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Karen Tannenholz works in our office, and last summer she faced the kind of sudden medical emergency we help many people through. Stressed families often imagine their circumstances are unique, but Karen’s story reveals threads common among many: feelings of growing confusion, helplessness, stress, anger, and even humor are all normal. Ultimately, deeper appreciation of each other can emerge as we navigate together through some of life’s most difficult passages. To hear Karen’s story, click 'Read More' below:
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I took a short break this afternoon, and when I tuned back into the world of news, I found that the expected winter storm Friday into Saturday was now being called a BLIZZARD WATCH! Eighteen to twenty-four inches are being forecast with high winds. My goodness... We rolled into action to consider the safety of every shift change Friday and Saturday... will the roads the safe? Will it be snowing too heavily? How can we serve clients Saturday night and Sunday morning safely? We will work with families and caregivers to create a plan for any shift changes that may be made unsafe or impossible by this storm. We will be in touch wiht impacted families and caregivers. In the meantime, this is the right moment to share two blog posts I wrote from a past winter storm/blizzard. They contain info about prepping clients' and the caregivers' homes, and other important information. Please review this and then get into action to get ready.Who Will Shelter Your Elder Loved One in an Emergency? http://www.caringcompanion.net/blog/view/1873-who-will-shelter-your-elder-loved-one-in-an-emergencyFirst Possible Winter Storm Coming, Eastern Massachusetts http://www.caringcompanion.net/blog/view/1163-first-possible-winter-storm-coming-eastern-massachusettsEasten Massachusetts Winter Storm Forecast Upgraded To a Blizzardhttp://www.caringcompanion.net/blog/view/1177-eastern-massachusetts-winter-storm-forecast-upgraded-to-a-blizzard
Habilitation Therapy (HT) is considered by the Massachusetts Alzheimer’s Association to be the best caregiving practice that exists today. Learn about this comprehensive behavioral approach that will help both dementia patient and caregivers alike, which can help improve their quality of lives dramatically. HT helps difficult symptoms be reduced or eliminated, regardless of what stage of the illness the patient is current experiencing, by skillfully adapting to the capacities of the patient and communicating accordingly. Habilitation Therapy helps caregivers have positive and successful interactions with dementia patients, reducing stress, allowing greater enjoyment of each day.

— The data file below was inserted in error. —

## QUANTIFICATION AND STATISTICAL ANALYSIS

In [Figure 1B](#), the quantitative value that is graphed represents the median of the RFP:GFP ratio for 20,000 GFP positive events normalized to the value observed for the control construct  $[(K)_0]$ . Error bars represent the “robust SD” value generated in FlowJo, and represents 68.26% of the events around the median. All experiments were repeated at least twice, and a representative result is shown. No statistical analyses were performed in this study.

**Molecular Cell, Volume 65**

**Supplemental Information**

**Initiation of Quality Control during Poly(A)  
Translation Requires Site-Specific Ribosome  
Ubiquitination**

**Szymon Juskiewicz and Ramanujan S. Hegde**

A person with dementia can be said to be inhabiting a different world with a different reality than the rest of us. Habilitation Therapy (HT) tells us that they cannot leave there to be with us, no matter how much we may want them to. (Alzheimer’s Association, 2011) It is the job of care partners to be with that person by traveling to their world. This is done by understanding what they are experiencing, and respecting — never negating — their experience. If, in the world of a person with Alzheimer’s Disease or a related dementia (ADRD), she is 8 years old (not 80), and waiting for Mother to pick her up after school to go home and milk the cows, then that is the world to which care partners must travel. It doesn’t matter a bit that Mother died 50 years ago because that is not true in the reality where the person with dementia is living... (see the rest of this article here)
While vigilance must be maintained and approaches honed as the disease progresses, simple but vital changes to the dementia patient’s environment can make a real difference in quality of life, safety and ability to function more independently. Applying our understanding of what isn’t working right in the visual cortex of the ADRD brain is central to creating the right interventions. Here follow some concrete examples.... (see here for the rest of this article)
Habilitation Therapy (HT), a comprehensive behavioral approach to caring for people with Alzheimer’s Disease and related dementias (ADRD), is considered to be a best practice by the Alzheimer’s Association (Alzheimer’s Association, 2012). HT is best used for every interaction a person with ADRD has with their care partners, from the moment they rise until they fall asleep at night. One of Habilitation Therapy’s primary goals is to create day-long positive emotional states for dementia patients (Alzheimer’s Association). His or her capabilities, independence and morale are thoughtfully and continuously engaged to produce a state of psychological well-being. Why such an enormous focus on emotions?.... (see the rest of this article here)